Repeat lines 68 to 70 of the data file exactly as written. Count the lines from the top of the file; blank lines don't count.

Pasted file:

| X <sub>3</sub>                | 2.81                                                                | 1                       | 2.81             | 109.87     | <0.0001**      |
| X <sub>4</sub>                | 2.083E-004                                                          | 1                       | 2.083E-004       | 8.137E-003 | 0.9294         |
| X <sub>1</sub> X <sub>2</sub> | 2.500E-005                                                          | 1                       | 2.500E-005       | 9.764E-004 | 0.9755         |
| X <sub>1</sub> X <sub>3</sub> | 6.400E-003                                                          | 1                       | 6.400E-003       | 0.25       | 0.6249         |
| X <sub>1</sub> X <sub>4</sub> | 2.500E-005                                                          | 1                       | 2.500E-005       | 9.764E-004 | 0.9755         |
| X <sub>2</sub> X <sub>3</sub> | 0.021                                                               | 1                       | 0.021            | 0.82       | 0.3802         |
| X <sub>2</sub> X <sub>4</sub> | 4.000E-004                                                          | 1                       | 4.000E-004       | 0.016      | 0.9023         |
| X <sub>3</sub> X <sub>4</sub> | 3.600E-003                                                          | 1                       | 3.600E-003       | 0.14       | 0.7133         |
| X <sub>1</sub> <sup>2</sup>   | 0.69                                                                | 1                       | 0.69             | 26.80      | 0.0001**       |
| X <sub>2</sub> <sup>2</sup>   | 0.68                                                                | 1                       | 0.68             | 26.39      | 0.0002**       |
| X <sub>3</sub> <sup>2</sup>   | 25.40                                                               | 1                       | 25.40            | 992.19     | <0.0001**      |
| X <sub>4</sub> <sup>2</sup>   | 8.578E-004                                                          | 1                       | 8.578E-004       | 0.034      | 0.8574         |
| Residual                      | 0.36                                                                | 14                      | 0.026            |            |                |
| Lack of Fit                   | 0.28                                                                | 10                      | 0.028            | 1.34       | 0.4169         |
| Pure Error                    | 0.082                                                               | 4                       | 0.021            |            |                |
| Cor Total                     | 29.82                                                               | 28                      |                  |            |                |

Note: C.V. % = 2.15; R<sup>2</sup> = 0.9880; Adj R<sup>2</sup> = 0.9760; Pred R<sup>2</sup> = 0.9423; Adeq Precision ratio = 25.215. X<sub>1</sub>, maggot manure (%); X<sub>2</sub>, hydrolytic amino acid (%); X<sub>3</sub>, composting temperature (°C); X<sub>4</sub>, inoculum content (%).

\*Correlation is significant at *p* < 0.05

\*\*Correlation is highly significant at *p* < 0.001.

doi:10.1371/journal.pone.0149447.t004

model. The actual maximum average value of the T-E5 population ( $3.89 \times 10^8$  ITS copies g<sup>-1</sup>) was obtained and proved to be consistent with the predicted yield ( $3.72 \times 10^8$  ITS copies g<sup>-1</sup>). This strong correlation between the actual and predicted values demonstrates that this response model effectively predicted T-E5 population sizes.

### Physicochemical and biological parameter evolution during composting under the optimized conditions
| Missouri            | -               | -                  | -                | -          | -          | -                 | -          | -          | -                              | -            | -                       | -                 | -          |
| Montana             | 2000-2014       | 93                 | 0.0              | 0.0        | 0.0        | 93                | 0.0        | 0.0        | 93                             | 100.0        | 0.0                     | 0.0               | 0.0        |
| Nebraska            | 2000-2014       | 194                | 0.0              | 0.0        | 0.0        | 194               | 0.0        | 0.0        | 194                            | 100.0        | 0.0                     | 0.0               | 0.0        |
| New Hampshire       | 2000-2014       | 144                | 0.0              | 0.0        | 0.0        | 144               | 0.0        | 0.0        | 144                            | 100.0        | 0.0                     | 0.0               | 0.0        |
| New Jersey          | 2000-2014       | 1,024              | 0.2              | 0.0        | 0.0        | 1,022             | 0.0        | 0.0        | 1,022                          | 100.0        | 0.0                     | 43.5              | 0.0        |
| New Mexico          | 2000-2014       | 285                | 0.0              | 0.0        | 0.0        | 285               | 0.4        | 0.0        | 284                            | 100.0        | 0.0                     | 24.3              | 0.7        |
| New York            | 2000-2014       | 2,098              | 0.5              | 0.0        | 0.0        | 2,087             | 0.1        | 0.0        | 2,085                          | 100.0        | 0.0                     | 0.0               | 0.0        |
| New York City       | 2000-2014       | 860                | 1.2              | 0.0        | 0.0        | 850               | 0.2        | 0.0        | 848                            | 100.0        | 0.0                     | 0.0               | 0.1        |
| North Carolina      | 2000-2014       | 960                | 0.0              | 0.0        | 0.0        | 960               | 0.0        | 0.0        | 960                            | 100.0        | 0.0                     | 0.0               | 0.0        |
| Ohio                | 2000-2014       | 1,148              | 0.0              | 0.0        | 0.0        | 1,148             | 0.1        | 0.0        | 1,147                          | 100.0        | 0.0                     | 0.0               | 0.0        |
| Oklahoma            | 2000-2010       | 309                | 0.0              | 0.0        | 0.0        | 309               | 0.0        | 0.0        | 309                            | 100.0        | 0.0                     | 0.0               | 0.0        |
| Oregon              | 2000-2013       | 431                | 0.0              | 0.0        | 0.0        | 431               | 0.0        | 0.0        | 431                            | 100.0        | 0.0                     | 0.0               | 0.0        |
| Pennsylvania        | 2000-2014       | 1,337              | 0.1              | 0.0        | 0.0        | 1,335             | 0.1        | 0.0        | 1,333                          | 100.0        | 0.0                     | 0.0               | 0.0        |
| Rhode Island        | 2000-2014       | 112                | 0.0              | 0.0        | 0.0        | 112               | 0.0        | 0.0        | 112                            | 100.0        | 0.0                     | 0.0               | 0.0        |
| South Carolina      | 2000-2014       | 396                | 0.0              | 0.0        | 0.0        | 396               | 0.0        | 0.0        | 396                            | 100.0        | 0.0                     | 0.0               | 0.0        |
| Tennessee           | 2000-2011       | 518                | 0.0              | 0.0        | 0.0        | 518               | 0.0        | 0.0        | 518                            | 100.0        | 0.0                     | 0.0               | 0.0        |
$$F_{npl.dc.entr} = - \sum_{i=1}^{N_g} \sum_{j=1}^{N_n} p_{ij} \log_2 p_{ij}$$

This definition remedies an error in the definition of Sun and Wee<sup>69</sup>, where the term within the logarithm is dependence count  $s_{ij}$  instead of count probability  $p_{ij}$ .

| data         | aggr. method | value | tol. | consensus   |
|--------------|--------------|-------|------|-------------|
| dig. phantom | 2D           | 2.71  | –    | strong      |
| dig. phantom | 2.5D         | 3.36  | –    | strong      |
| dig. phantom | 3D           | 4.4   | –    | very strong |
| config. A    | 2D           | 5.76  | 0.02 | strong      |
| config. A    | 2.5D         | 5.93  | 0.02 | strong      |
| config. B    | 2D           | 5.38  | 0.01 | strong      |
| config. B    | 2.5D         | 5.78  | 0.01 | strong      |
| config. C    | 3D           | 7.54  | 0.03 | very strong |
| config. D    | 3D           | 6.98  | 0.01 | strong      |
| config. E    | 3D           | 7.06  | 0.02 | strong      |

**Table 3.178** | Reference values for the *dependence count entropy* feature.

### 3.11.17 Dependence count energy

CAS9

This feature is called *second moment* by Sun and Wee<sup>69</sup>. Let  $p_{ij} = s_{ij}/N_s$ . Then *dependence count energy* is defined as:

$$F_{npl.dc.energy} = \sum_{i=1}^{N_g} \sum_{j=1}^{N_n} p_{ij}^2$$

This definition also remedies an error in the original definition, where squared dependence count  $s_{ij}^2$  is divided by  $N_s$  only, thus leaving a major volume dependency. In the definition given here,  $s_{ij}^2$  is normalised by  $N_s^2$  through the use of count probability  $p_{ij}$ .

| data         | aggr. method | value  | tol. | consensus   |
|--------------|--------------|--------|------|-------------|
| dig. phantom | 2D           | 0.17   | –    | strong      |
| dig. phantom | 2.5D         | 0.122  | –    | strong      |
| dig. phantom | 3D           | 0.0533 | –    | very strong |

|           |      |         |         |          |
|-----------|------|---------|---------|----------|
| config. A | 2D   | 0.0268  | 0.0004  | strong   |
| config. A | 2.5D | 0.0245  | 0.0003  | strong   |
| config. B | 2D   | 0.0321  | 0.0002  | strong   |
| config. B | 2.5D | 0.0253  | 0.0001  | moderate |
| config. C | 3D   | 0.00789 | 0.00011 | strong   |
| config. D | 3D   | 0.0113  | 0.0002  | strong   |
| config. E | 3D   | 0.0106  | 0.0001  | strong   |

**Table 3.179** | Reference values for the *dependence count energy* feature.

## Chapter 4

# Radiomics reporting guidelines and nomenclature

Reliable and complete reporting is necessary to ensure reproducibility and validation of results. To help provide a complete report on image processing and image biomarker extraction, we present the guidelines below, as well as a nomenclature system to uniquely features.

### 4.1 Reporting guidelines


| config. B | 2D   | 0.0321  | 0.0002  | strong   |
| config. B | 2.5D | 0.0253  | 0.0001  | moderate |
| config. C | 3D   | 0.00789 | 0.00011 | strong   |